Ellipsis, being an effective linguistic tool, has a couple of definitions. The broadest sense of this tool implies leaving out (intentionally) certain words, sentence segments, or even whole passages of the narration. Such an omission is considered linguistically appropriate and oftentimes involves the words that are not particularly necessary for the text but still could be easy to understand. 

However, this broad definition can be subdivided into a couple of additional types. An ellipsis might mean a sudden, unexpected leap from one topic of the narrative to another. This term can also define the punctuation mark (the three dots), which also implies some left out words, creates suspense, illustrates an unfinished thought, or simply depicts silence in the conversation. 

The term originates from the Greek “elleipsis,” which may be translated as “to leave out,” “to fall short.” It was first mentioned in English somewhere between 1540 and 1570. 

Authors implement ellipsis in their works quite frequently for a number of purposes. The most prevalent one is to illustrate the purposeful omission of the words or information that’s not necessarily needed to be presented in the narrative.

Another way to use ellipsis is to give the characters voices. When the heroes use unexpected pauses and the ellipsis, the reader can spot their speaking habits, mood, and even imagine their voice and the manner of talking. This helps the author present a clearer image of the narration heroes.

Ellipsis is an excellent way to cover a lot of narration without providing too many unnecessary details. This not only lets the author make the narratives laconic but also helps him or her reduce the amount of the clutter and focus closely on the major point of the story.

Another purpose of ellipsis in the works of literature is to build tension and create the effect of suspense. When the character leaves out something on purpose, this gives the reader an idea of something untold, unfinished, or even mysterious.

Oftentimes, ellipsis serves to help the writer (or even the journalist) cite the most important parts of certain quotes and omit the unnecessary bits of the expressions. This method is most prevalently implemented to save space and to keep the text within certain limits of volume.

Ellipsis isn’t just a very handy method that helps save some space; it also serves to advance the story. It gives the characters a chance to change the subject without getting into too many details or explaining everything. This also allows the author to take advantage of more creative opportunities.

Ellipsis oftentimes serves as a stylistic element. It adds an artistic effect to the narrative and allows the readers to employ their own imagination in order to fill in the missing bits and gaps. This way, the author lets the readers reach their own conclusions and see the story from their personal perspective, thus establishing a stronger bond with the narration and the heroes.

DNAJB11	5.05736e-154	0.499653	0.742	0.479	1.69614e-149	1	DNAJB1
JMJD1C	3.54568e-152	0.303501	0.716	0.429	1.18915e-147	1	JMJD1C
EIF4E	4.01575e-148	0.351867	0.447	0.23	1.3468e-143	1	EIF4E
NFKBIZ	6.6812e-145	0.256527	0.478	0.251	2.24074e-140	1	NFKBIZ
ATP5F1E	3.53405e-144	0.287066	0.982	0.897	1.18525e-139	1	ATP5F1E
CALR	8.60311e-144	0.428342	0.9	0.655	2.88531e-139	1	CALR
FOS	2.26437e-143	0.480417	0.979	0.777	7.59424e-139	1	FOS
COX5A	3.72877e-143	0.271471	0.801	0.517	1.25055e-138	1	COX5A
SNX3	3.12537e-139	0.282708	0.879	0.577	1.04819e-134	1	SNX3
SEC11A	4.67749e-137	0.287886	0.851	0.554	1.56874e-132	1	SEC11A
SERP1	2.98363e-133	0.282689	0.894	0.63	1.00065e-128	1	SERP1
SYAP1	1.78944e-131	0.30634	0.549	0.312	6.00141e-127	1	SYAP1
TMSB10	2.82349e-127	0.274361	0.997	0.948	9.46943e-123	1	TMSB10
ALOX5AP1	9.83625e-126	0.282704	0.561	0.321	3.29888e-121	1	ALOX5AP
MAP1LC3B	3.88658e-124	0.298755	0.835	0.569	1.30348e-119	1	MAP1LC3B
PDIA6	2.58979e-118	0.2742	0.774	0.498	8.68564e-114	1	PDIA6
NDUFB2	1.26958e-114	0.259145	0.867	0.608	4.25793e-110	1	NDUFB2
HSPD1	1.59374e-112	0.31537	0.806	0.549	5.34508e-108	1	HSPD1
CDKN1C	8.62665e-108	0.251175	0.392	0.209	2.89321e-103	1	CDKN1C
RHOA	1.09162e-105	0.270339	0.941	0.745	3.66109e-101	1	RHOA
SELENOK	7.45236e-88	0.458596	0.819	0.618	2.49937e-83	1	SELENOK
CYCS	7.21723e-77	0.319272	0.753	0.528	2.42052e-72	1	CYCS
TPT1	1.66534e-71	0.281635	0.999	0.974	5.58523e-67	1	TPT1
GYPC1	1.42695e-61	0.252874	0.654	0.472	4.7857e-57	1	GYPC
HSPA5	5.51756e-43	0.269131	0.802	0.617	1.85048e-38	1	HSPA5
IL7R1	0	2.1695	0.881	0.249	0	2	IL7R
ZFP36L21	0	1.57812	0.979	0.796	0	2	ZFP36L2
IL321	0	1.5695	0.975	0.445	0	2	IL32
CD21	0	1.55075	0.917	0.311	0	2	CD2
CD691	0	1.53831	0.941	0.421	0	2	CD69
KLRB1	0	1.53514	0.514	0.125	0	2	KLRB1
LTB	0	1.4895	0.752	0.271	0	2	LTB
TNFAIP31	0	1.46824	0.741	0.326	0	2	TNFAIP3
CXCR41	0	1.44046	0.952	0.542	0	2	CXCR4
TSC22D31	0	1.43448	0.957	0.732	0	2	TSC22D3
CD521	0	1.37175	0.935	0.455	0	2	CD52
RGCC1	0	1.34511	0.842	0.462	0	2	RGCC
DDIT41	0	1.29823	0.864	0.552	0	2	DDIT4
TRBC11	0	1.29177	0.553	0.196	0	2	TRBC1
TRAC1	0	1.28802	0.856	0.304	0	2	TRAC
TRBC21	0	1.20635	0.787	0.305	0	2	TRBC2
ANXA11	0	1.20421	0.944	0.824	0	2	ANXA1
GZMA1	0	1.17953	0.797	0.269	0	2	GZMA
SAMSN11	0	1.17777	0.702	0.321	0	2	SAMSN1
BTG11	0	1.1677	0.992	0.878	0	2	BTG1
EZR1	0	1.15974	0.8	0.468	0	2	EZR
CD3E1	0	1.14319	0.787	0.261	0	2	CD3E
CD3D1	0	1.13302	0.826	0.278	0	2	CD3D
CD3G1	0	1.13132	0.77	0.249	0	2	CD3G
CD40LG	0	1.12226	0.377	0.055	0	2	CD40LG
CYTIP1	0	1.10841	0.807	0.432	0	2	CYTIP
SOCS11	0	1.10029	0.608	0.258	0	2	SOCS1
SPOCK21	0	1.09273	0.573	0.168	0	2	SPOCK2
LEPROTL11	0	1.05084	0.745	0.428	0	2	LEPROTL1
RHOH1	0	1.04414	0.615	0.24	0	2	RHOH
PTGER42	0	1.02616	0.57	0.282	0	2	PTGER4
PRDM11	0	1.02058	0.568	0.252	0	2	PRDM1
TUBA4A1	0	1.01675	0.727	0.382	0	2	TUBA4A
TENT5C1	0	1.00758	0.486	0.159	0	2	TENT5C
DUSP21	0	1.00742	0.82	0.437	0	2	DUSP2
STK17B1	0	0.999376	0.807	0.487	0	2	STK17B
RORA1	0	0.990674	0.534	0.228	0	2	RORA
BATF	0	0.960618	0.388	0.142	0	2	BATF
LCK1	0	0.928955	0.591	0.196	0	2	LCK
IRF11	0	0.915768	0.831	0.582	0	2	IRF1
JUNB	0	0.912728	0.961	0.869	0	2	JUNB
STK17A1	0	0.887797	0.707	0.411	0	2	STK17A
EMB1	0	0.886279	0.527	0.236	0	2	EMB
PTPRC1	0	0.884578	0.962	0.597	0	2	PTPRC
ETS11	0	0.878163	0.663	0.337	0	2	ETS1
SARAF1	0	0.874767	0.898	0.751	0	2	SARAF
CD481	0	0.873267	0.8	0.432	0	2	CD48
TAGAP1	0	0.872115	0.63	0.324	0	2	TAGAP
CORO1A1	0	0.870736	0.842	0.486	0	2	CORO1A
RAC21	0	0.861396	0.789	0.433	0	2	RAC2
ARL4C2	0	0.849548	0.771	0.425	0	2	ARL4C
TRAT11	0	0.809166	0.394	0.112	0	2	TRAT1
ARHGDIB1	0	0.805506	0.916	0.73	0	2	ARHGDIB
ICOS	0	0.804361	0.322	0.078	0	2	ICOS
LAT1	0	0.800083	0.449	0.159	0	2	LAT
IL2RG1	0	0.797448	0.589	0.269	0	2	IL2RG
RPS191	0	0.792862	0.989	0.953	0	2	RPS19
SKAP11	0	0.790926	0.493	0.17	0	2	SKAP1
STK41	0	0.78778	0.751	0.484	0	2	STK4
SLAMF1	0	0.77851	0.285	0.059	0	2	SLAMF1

The samples of ellipsis can be spotted in numerous pieces of literature, both poetic and prose. For instance, F. S. Fitzgerald, in one of his works called “The Great Gatsby,” implemented ellipsis to characterize the heroine’s speech, to give her a certain voice, and to illustrate her condition. When the heroine (named Jordan) speaks and leaves out numerous words (“Come and see me… Phonebook… Under the name of Mrs. Sigourney Howard”), the reader is able to imagine her relaxed and somewhat jaded state.

Another example lies in the work of V. Wolf called “To the Lighthouse.” Here, the author uses ellipsis to indicate and even supplement the stream of consciousness of the main heroine. While walking on the street, she starts naming circus animals (in the middle of her conversation with Mr. Tansley) that she sees on the advertisement. This is a sample of ellipsis being implemented to illustrate the jumps in the character’s thoughts and consciousness. 

J. Joyce implemented ellipsis in a number of his works. For instance, in the piece called “The Sisters,” the author uses this linguistic tool and the punctuation mark purposefully to illustrate the speech and the emotional state of the narration hero more vividly and without being too wordy.  The hero (the aunt) leaves out the obvious words since she doesn’t want to directly talk about them. She says, “Did he… peacefully?”, and in this phrase, she intentionally avoids using the word “die.” When she wants to inquire about the Last Rites, she simply says “And everything…?” Here, the ellipsis helps the author depict the heroine’s desire to sound appropriate. It also creates a very specific atmosphere of the scene, which helps the readers experience the same emotions the heroes do and establish a connection with the narrative.